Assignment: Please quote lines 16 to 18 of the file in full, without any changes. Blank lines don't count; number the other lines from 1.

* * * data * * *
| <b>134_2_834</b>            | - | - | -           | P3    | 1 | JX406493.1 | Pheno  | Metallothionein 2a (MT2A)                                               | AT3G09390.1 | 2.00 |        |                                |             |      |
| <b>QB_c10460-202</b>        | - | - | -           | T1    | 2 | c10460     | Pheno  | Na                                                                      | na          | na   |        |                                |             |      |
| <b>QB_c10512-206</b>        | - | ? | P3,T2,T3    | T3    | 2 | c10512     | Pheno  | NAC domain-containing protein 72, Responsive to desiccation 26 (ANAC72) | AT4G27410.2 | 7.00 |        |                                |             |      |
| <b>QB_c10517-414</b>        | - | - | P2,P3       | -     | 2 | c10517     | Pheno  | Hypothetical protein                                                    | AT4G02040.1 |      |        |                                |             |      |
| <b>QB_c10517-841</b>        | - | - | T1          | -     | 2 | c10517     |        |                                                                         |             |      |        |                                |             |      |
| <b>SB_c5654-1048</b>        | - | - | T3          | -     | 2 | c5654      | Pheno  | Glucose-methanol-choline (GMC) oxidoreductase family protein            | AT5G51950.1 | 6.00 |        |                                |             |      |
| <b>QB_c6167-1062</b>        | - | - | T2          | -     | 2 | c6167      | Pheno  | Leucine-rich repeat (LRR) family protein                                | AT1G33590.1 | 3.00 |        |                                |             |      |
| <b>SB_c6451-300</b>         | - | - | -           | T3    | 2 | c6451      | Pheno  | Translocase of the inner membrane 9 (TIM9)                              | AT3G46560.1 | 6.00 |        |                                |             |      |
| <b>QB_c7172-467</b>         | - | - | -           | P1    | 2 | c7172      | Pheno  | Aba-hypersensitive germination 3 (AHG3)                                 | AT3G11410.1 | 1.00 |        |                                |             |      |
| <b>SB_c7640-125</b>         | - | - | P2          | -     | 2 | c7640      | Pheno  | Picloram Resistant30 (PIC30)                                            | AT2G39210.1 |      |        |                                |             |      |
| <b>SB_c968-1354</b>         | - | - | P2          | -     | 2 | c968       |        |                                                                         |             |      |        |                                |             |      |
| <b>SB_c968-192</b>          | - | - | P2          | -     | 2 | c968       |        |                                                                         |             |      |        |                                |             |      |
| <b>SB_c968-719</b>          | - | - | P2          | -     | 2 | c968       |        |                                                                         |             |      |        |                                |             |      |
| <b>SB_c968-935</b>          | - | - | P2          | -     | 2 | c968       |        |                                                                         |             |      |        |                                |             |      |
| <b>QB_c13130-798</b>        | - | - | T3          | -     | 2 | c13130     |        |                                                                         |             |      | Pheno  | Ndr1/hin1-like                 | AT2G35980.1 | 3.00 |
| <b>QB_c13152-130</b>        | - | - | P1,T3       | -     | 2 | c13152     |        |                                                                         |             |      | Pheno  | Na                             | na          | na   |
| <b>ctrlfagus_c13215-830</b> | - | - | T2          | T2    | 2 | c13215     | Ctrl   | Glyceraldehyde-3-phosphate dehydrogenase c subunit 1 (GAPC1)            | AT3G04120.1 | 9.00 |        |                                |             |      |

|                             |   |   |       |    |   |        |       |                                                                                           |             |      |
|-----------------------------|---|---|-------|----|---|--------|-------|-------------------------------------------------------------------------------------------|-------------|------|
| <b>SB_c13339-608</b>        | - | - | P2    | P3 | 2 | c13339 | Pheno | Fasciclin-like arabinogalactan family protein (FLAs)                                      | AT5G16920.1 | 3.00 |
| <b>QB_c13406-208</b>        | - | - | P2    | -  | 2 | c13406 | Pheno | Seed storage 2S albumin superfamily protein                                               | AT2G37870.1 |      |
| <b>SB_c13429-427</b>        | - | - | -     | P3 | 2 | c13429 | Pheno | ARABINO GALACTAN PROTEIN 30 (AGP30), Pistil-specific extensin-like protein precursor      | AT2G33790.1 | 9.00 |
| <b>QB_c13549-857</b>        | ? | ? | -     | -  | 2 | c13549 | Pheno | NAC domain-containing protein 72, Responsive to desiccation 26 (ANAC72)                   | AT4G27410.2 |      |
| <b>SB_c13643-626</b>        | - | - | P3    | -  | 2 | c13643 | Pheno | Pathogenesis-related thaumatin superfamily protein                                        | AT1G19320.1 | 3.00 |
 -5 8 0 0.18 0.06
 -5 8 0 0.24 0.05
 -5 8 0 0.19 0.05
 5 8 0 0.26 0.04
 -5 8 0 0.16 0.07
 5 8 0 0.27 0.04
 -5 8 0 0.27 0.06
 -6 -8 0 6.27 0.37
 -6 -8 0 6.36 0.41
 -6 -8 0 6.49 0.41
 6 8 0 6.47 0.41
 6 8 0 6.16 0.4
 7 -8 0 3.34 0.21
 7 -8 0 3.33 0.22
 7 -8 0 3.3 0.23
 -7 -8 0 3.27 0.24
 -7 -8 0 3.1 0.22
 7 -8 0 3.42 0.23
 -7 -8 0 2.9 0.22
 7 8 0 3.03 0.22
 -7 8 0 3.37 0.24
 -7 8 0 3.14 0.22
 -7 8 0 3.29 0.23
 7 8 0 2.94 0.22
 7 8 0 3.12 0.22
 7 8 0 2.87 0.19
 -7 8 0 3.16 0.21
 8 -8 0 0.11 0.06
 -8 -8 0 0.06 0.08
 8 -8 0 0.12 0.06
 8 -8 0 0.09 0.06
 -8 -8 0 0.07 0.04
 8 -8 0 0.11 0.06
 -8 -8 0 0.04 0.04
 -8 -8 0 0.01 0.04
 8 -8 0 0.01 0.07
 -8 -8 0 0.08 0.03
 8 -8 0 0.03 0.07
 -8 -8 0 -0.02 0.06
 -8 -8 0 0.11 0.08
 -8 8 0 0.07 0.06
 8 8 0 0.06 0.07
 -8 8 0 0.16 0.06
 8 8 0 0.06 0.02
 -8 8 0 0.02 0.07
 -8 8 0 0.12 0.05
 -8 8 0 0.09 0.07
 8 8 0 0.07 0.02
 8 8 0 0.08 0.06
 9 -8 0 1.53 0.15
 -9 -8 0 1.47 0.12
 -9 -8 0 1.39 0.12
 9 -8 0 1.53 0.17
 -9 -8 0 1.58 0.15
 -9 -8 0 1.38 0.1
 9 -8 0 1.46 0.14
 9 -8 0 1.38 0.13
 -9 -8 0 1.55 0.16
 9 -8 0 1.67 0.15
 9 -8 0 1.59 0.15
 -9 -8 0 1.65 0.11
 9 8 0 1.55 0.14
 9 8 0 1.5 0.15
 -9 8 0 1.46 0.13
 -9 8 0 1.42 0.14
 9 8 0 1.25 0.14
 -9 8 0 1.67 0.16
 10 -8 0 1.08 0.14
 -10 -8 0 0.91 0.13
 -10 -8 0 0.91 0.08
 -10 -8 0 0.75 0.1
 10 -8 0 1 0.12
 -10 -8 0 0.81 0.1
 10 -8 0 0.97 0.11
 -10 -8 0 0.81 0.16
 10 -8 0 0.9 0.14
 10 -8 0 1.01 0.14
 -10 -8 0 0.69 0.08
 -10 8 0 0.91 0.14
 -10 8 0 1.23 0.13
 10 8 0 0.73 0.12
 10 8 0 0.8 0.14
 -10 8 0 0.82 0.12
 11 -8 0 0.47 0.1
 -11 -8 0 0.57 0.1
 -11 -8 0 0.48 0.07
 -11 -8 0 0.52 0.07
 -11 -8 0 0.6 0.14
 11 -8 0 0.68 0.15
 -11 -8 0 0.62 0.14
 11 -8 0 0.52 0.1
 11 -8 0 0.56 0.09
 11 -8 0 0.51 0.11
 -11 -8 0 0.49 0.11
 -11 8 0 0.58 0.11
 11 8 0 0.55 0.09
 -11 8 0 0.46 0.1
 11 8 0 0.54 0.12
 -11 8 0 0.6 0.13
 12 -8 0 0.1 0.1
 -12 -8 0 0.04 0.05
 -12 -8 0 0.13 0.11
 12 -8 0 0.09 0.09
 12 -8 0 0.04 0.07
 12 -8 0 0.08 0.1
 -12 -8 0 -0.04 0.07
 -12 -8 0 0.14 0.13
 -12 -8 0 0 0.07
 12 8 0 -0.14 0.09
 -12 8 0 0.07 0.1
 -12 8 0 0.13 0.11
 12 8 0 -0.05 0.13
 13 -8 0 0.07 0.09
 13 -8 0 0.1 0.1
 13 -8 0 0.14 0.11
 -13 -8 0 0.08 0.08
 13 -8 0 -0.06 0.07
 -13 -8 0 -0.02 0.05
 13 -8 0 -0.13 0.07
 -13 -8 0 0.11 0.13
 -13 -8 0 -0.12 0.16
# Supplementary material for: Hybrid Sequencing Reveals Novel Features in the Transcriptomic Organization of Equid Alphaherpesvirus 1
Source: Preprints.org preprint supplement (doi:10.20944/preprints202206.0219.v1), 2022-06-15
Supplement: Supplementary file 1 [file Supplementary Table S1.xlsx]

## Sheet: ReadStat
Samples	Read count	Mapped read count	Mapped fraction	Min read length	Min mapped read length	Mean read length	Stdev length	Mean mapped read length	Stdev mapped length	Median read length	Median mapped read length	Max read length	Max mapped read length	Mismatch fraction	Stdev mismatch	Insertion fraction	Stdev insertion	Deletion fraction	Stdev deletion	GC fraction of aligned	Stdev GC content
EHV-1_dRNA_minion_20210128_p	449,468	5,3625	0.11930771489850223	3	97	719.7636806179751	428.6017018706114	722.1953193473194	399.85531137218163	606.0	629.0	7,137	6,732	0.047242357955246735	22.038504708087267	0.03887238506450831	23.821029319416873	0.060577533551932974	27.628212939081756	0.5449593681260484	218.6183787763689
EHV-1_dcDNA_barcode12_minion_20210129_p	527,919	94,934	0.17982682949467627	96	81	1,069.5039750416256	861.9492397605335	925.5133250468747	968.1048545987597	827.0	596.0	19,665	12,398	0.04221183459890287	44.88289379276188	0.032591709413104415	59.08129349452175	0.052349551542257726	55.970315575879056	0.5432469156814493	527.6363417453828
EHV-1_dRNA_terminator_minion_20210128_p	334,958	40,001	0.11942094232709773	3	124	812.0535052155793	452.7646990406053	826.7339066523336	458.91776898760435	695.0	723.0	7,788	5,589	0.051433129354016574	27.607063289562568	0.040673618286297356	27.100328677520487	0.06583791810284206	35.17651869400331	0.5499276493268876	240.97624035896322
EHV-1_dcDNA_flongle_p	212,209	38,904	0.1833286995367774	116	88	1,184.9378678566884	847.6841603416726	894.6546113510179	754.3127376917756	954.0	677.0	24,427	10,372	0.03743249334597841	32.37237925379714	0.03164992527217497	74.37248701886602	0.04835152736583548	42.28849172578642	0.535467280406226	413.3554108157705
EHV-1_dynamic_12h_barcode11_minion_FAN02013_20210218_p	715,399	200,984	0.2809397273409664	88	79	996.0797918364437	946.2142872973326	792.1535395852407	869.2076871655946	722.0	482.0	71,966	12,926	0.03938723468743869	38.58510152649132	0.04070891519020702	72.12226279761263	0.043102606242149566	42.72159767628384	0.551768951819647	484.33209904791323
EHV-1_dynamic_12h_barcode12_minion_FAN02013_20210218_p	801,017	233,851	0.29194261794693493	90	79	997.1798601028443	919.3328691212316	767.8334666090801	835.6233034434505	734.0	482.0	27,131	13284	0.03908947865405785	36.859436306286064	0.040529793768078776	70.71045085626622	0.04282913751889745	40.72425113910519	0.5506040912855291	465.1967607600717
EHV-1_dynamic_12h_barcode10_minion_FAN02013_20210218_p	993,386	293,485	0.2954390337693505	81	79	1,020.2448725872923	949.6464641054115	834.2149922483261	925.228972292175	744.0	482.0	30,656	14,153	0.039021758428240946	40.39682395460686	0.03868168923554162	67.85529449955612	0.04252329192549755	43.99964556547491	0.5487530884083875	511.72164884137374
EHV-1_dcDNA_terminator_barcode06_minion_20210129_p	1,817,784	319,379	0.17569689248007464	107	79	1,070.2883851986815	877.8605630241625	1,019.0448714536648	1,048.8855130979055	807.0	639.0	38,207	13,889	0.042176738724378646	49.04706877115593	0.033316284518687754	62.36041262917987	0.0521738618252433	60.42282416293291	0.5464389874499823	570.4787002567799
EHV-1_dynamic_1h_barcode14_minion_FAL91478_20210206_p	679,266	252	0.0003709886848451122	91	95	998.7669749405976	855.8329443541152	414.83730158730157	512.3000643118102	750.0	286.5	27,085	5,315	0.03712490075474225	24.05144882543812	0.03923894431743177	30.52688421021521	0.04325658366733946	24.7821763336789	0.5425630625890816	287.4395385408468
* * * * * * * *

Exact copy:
| <b>QB_c13152-130</b>        | - | - | P1,T3       | -     | 2 | c13152     |        |                                                                         |             |      | Pheno  | Na                             | na          | na   |
| <b>ctrlfagus_c13215-830</b> | - | - | T2          | T2    | 2 | c13215     | Ctrl   | Glyceraldehyde-3-phosphate dehydrogenase c subunit 1 (GAPC1)            | AT3G04120.1 | 9.00 |        |                                |             |      |

|                             |   |   |       |    |   |        |       |                                                                                           |             |      |